·         On March 28, CBS airs the final episode of The Ed Sullivan Show.
·         On June 18, Southwest Airlines offers flights between Dallas, Houston and San Antonio
·         On July 15, President Richard Nixon announces his trip to China in 1972
·         On Oct. 1, Walt Disney World opens in Orlando, Fla.

Monday, January 5, 2015

My First Year in Emergency Management

Communication plans and emergency supplies kits and preparedness awareness, oh my. My first year in emergency management has literally blown by amid drills, exercises, articles, and trainings. I thought it would be nice to take a look back at my time at the Department of Emergency and Military Affairs (DEMA) in 2014.

State Emergency Operations Center
Photo by: DEMA PIO
In my first days as a Public Information Officer (PIO) for the department, I met some amazing people who have dedicated decades to emergency management. One of them, Chuck McHugh, just retired after spending 20 years in the Operations Section. And this was his second career.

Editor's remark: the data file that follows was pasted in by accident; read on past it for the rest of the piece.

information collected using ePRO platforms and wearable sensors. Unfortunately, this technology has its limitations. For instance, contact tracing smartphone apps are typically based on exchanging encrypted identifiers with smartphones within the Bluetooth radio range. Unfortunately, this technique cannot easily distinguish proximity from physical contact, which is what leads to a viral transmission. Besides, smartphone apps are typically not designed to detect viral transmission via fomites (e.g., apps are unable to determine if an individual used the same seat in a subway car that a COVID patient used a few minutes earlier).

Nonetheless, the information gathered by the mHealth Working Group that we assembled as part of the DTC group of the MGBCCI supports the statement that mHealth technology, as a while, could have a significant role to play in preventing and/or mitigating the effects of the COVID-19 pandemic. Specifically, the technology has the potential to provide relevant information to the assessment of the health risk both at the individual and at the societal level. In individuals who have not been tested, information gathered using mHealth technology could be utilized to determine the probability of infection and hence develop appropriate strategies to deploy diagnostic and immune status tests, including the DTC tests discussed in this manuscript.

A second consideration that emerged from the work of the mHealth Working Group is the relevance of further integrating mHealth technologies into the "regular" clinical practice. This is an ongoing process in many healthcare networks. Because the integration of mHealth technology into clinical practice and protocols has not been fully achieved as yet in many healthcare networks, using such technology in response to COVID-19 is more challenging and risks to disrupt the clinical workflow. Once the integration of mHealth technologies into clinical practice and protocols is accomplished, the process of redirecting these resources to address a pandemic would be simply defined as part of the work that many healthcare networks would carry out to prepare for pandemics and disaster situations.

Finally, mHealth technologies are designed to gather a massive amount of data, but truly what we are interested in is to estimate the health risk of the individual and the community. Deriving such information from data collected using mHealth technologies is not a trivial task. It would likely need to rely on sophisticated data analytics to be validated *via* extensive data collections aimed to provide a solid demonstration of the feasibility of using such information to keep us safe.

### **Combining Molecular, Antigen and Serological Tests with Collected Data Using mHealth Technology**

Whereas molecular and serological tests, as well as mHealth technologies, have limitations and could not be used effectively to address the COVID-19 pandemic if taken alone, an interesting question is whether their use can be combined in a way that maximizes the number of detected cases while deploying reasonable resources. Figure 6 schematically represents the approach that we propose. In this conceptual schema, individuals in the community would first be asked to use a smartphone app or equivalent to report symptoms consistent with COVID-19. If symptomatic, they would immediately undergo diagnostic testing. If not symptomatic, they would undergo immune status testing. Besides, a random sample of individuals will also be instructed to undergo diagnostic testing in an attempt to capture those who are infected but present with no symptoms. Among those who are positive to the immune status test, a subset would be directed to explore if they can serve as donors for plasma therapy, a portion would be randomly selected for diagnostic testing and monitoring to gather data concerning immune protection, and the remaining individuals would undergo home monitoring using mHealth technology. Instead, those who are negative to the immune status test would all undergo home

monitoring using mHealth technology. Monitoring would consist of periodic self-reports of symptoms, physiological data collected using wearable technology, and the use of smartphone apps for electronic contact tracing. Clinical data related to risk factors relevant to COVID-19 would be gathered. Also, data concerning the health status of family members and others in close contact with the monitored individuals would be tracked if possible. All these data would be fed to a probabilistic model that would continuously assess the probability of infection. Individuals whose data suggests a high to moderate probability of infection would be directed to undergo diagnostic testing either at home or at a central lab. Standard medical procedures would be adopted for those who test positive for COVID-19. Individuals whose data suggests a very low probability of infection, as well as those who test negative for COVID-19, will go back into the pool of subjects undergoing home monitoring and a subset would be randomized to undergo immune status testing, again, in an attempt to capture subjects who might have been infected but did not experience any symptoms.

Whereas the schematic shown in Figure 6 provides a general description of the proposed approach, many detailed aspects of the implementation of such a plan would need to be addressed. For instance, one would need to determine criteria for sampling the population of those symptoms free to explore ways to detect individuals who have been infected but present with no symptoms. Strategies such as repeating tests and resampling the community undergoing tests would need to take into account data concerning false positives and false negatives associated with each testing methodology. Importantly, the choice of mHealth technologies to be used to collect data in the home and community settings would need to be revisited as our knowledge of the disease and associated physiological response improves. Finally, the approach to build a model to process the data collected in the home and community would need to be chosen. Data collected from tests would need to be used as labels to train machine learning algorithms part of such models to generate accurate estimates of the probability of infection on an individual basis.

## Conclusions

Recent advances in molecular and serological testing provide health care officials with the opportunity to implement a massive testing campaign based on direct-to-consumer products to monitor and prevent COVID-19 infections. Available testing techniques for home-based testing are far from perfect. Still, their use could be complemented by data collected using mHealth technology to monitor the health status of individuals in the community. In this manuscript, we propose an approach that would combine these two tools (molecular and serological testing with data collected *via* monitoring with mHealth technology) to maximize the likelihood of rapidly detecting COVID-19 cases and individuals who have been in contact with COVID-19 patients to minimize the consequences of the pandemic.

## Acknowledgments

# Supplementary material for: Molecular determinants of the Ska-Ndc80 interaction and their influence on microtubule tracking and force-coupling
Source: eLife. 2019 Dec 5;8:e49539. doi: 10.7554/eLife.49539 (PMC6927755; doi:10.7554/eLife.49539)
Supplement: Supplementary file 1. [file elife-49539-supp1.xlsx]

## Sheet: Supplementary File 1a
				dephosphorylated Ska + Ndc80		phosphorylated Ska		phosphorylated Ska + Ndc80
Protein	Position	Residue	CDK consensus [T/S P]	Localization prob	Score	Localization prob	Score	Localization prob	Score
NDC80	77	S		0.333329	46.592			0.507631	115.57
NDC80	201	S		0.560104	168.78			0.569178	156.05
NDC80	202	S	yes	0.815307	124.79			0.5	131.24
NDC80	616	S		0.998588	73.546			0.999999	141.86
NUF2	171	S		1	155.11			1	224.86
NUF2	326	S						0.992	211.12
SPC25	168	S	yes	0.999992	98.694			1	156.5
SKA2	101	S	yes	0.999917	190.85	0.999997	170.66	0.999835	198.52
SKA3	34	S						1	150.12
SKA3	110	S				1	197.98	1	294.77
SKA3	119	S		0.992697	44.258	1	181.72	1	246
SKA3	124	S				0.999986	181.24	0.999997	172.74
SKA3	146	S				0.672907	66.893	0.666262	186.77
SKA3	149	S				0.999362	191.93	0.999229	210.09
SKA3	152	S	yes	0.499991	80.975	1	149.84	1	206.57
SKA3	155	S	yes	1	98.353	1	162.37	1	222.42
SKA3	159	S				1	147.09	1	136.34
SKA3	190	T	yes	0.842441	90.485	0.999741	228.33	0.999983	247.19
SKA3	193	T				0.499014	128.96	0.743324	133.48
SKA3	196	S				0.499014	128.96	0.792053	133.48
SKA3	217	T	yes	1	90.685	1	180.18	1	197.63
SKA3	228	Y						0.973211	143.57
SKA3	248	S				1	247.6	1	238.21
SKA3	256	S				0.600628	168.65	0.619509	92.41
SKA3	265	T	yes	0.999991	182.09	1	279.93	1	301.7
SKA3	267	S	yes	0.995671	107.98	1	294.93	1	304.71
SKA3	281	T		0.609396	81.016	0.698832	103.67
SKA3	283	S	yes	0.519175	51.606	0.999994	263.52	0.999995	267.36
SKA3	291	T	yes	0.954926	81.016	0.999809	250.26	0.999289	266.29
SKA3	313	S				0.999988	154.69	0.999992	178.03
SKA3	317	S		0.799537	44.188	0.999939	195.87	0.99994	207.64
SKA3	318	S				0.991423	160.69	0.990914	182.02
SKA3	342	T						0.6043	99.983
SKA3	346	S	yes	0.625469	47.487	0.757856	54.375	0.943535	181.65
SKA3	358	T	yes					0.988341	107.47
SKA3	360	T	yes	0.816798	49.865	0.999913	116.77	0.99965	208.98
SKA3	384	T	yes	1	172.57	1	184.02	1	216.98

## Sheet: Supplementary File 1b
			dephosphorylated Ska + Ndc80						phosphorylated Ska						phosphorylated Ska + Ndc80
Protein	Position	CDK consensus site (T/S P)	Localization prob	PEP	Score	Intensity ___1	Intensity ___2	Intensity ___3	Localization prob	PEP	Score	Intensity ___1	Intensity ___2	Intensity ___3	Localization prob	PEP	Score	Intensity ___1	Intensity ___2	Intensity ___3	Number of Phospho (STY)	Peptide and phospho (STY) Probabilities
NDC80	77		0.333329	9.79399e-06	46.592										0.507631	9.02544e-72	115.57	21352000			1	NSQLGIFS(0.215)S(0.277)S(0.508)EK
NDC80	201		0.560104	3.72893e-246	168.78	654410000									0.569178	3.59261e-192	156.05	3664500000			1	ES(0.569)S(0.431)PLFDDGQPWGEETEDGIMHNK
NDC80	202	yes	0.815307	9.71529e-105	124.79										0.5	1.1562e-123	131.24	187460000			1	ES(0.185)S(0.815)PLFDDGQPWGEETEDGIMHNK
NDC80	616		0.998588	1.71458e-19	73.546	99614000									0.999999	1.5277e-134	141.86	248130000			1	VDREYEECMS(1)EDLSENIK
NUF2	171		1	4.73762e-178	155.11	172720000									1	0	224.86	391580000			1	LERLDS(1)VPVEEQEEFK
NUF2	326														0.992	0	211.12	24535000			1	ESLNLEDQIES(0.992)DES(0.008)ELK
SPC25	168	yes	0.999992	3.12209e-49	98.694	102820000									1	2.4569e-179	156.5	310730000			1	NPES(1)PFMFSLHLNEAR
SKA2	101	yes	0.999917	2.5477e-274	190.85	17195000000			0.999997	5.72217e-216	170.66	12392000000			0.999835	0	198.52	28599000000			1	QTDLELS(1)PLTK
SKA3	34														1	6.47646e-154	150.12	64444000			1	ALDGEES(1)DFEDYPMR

In my first week, I toured the State Emergency Operations Center, attended a meeting with all the county emergency managers, and jumped right into the job as it was Flood Awareness Week and press releases needed to be sent out, social media had to be posted, and a blog was waiting to be written.

I got my first taste of wildfires with DEMA’s annual wildland fire briefing, which included Governor Brewer and representatives from the Arizona State Forestry Division, and other fire agency personnel talking to the media about the upcoming wildfire season.

Brown Fire, April 2014
 Photo by: USFS